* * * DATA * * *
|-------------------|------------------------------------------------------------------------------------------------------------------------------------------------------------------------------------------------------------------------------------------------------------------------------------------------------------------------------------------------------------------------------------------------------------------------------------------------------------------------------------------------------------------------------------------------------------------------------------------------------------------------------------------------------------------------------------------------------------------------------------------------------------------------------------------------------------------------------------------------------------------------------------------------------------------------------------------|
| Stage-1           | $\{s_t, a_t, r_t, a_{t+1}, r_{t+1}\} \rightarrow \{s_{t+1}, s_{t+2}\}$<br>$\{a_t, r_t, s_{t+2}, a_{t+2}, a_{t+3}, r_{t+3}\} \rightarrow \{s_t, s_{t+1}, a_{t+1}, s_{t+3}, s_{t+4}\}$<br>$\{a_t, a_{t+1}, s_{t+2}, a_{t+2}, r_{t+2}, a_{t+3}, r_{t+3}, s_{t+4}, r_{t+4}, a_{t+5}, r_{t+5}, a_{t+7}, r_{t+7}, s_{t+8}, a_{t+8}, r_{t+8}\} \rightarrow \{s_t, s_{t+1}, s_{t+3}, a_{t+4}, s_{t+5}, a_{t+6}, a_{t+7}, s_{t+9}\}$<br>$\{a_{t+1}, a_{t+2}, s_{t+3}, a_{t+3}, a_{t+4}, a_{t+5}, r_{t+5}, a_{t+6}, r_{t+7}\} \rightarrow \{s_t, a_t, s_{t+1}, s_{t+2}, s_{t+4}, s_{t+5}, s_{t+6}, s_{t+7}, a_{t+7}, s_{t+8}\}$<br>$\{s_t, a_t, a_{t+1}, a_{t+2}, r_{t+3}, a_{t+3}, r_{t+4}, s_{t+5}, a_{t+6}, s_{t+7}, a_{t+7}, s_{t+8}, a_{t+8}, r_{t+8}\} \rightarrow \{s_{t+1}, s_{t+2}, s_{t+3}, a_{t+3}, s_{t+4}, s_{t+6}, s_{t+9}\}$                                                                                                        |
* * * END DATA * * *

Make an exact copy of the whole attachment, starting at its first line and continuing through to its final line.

|-------------------|------------------------------------------------------------------------------------------------------------------------------------------------------------------------------------------------------------------------------------------------------------------------------------------------------------------------------------------------------------------------------------------------------------------------------------------------------------------------------------------------------------------------------------------------------------------------------------------------------------------------------------------------------------------------------------------------------------------------------------------------------------------------------------------------------------------------------------------------------------------------------------------------------------------------------------------|
| Stage-1           | $\{s_t, a_t, r_t, a_{t+1}, r_{t+1}\} \rightarrow \{s_{t+1}, s_{t+2}\}$<br>$\{a_t, r_t, s_{t+2}, a_{t+2}, a_{t+3}, r_{t+3}\} \rightarrow \{s_t, s_{t+1}, a_{t+1}, s_{t+3}, s_{t+4}\}$<br>$\{a_t, a_{t+1}, s_{t+2}, a_{t+2}, r_{t+2}, a_{t+3}, r_{t+3}, s_{t+4}, r_{t+4}, a_{t+5}, r_{t+5}, a_{t+7}, r_{t+7}, s_{t+8}, a_{t+8}, r_{t+8}\} \rightarrow \{s_t, s_{t+1}, s_{t+3}, a_{t+4}, s_{t+5}, a_{t+6}, a_{t+7}, s_{t+9}\}$<br>$\{a_{t+1}, a_{t+2}, s_{t+3}, a_{t+3}, a_{t+4}, a_{t+5}, r_{t+5}, a_{t+6}, r_{t+7}\} \rightarrow \{s_t, a_t, s_{t+1}, s_{t+2}, s_{t+4}, s_{t+5}, s_{t+6}, s_{t+7}, a_{t+7}, s_{t+8}\}$<br>$\{s_t, a_t, a_{t+1}, a_{t+2}, r_{t+3}, a_{t+3}, r_{t+4}, s_{t+5}, a_{t+6}, s_{t+7}, a_{t+7}, s_{t+8}, a_{t+8}, r_{t+8}\} \rightarrow \{s_{t+1}, s_{t+2}, s_{t+3}, a_{t+3}, s_{t+4}, s_{t+6}, s_{t+9}\}$                                                                                                        |